I think Fairfield County is different. It's always had the Manhattan commuter "I can't afford town X so I bought one town out in X+1" thing. Any contraction is going to be really felt in the "X+1" town since commute time is a huge quality of life thing. Westport is ~1h 15 min to Grand Central. Who would want to be faced with 4 hours of door-to-door commuting if they can live closer?
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Old 04-03-2019, 01:49 PM
 
2,812 posts, read 2,613,431 times
Reputation: 1258
Quote:
Originally Posted by esm1983 View Post
As a millennial with a decent salary and plenty of other friends in the same boat (mid to late 30's, DINK's) you bet your a** we aren't dumb enough to buy a big house in CT really far from job centers with a giant property tax bill. We all know how to look up property records and see the bloodbath that anyone who bought in these wooded suburbs in Fairfield county are in, IE if they bought between 2000 and 2009. It's quite sad when you really dig into the weeds and see the gigantic drops in equity in places like Easton, Weston, Monroe, Newtown, Brookfield etc. It's everywhere. Anything 600+ is toast and there is no going back. The walkable suburban trend is here to stay and that's where buyers want to live and will fight fiercely for this lifestyle even if the schools are soso. As my wealth grows, I am very cognizant of the albatross a giant highly taxed property is to your financial future, especially if the thing is neutral or depreciates in value.
I said the same thing too 10 years ago before I had kids. If and when you have kids, the calculus will change.
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Old 04-03-2019, 01:59 PM
 
18 posts, read 18,140 times
Reputation: 42
Quote:
Originally Posted by kidyankee764 View Post
Sorry but nothing is “here to stay”.

I am willing to bet as a macro trend for the next 5+ years it is. I got lucky and bought at the bottom and I still paid close to 300 in Norwalk for a starter home. Taxes have gone up from 5200 to almost 6800 dollars this year and I have appreciated a decent amount but its because I'm close to SONO. 300,000 is a LOT of money even to a family making close to FFC median income of $100,593 ( following the 30% takehome rule). Buying an even more expensive semi-rural home that has property taxes far outpacing value is the furthest thing from a good idea in today's environment. I can easily show you this in the towns I mentioned before on every street. Look at the inverse of the value on this house compared to the property taxes!!


https://www.zillow.com/homes/for_sal...zm/0_mmm/1_fr/


Taxes UP 30% from 2006, sold last in 2001 at 900,495, and its been off and on the market at 779,000! That's DOWN 16% in 18 years vs +30% or more for taxes since I'm missing the 5 years before.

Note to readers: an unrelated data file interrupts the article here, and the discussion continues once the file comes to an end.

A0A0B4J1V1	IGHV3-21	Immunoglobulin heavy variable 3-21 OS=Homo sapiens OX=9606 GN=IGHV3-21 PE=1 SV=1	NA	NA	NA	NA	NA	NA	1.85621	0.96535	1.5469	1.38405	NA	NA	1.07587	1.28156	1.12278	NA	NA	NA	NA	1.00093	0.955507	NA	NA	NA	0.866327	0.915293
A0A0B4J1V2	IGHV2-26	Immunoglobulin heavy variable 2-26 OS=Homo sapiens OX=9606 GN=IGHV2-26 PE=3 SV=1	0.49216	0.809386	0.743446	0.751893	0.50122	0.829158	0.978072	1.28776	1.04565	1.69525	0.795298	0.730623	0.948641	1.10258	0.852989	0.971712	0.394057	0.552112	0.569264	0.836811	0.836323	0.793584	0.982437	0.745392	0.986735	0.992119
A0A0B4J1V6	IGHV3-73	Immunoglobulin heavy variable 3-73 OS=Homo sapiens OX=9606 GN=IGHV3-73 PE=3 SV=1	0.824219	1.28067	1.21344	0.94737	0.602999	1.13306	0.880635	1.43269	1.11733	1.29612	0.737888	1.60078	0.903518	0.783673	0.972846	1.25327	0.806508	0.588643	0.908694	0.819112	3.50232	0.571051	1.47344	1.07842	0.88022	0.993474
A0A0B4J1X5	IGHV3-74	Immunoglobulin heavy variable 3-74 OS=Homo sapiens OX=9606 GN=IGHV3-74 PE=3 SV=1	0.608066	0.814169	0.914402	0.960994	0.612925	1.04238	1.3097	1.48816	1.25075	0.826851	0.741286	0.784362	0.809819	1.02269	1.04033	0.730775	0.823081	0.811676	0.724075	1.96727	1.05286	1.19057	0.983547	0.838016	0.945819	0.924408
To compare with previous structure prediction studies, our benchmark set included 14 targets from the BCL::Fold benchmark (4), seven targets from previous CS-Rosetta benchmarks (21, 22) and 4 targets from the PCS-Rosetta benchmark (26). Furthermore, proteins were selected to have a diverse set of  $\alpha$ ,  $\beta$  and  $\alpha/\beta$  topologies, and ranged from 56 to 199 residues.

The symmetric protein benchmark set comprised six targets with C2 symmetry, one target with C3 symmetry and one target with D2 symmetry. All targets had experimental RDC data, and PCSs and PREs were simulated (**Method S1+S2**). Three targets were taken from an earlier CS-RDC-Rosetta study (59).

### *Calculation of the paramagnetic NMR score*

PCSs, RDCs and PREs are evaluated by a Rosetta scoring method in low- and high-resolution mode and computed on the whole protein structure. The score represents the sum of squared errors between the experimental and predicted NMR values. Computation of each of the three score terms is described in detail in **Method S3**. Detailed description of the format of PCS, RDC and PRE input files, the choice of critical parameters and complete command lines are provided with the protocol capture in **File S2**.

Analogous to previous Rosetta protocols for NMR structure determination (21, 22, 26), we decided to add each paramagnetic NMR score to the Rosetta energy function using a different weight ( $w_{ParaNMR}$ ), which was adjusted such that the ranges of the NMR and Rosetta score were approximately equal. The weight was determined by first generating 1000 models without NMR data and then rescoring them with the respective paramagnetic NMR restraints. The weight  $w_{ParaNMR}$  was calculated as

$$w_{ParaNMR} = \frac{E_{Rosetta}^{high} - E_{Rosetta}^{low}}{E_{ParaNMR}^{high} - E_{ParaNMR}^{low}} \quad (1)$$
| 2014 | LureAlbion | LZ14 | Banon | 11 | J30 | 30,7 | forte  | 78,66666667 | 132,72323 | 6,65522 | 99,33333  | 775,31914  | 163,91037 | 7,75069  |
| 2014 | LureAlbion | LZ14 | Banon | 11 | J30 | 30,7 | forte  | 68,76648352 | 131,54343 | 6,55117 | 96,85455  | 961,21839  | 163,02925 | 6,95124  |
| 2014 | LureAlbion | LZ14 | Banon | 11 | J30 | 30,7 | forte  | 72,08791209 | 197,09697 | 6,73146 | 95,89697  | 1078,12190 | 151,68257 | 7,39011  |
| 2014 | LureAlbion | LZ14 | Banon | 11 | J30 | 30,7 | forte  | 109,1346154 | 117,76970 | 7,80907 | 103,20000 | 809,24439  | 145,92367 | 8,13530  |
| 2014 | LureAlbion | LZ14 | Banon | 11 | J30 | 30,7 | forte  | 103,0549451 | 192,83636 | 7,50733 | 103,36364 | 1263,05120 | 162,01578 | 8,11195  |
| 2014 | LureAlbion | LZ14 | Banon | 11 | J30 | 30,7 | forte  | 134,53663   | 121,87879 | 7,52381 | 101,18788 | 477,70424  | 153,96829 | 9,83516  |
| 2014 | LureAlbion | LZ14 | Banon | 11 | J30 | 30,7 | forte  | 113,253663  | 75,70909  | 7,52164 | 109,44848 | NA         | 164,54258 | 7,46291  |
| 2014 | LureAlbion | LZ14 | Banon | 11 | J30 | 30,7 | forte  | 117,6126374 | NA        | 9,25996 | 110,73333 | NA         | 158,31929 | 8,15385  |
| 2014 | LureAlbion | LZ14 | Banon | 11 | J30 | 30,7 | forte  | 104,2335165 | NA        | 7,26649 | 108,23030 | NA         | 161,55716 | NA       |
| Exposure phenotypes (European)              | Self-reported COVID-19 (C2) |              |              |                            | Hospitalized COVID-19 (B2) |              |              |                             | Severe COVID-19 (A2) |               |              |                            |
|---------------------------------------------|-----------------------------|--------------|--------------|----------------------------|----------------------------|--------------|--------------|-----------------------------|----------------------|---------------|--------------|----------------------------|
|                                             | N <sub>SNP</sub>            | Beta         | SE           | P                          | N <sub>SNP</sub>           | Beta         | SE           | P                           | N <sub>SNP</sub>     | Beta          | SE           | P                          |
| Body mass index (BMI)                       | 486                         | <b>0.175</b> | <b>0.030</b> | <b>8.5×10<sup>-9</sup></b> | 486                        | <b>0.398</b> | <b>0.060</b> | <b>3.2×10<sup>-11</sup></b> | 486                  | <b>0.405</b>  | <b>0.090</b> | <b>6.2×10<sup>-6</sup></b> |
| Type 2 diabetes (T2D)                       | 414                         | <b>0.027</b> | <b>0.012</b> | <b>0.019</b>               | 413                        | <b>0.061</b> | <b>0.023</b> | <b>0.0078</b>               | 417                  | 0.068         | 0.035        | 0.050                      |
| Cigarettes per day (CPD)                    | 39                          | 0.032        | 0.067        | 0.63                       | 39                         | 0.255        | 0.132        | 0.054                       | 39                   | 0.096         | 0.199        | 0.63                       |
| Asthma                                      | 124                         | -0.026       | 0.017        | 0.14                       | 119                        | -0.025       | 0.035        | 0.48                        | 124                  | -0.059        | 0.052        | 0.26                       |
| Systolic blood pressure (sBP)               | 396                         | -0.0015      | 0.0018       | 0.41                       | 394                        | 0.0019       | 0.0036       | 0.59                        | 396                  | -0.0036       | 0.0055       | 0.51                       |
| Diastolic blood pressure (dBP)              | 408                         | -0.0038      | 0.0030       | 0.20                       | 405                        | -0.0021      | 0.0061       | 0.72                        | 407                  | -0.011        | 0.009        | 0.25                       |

When the next recession hits, I don't know how this area recovers honestly.
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Old 04-03-2019, 02:30 PM
 
Location: Boston, MA
685 posts, read 999,276 times
Reputation: 389
Any insights on Greenwich, Fairfield and how they are faring?

I'm a real estate investor when I am not working the day job, and I would jump at the possibility of buying good values in Greenwich, Fairfield. Irrespective how the things move with the economy, these towns are equivalent of blue chip stocks in my opinion.
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Old 04-03-2019, 02:31 PM
 
2,552 posts, read 2,526,850 times
Reputation: 1442
I am a millennial and I bought my house in 2011. I might be the outlier but I am looking for more land away from “urban” areas.

The traffic and noise are overwhelming. I am not picky. If we have a gas station, a DD and a grocery store relatively close, that’s all I need.

That is the good thing about CT. Even out in the sticks is not far from modern conveniences. It’s funny when I do work in eastern CT, I love the vibe of it.
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Old 04-03-2019, 03:20 PM
 
18 posts, read 18,140 times
Reputation: 42
Quote:
Originally Posted by Mr_250 View Post
I am a millennial and I bought my house in 2011. I might be the outlier but I am looking for more land away from “urban” areas.

The traffic and noise are overwhelming. I am not picky. If we have a gas station, a DD and a grocery store relatively close, that’s all I need.

That is the good thing about CT. Even out in the sticks is not far from modern conveniences. It’s funny when I do work in eastern CT, I love the vibe of it.

Me too, it would just be at what price point do you say it's not worth it. I myself decided to move to Brookfield near Candlewood Lake, but we bought a slightly higher priced house (+40k) from ours in Norwalk, didn't increase our tax bill and got better schools. There is a number I think for most people in my peer group and that is above 600k the market math doesn't work for you anymore, especially when you look at the properties in that price range and above's history.
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Old 04-03-2019, 03:44 PM
 
316 posts, read 173,367 times
Reputation: 258
Quote:
Originally Posted by New Englander View Post
Any insights on Greenwich, Fairfield and how they are faring?

I'm a real estate investor when I am not working the day job, and I would jump at the possibility of buying good values in Greenwich, Fairfield. Irrespective how the things move with the economy, these towns are equivalent of blue chip stocks in my opinion.
I think out of town 3 million estates in Greenwich have been blood bath for years now. Fairfield has opportunities for builders at right price. I think $750k new construction 3 bd, 3 ba 2500 sq ft is sweet spot. If you can build 3500 sqf barn/ French country mansions then you can get 1.1m in Fairfield. Several sold last summer on Morehouse Hwy and more being made. Cheap dirt is important. Lots up in Lake area.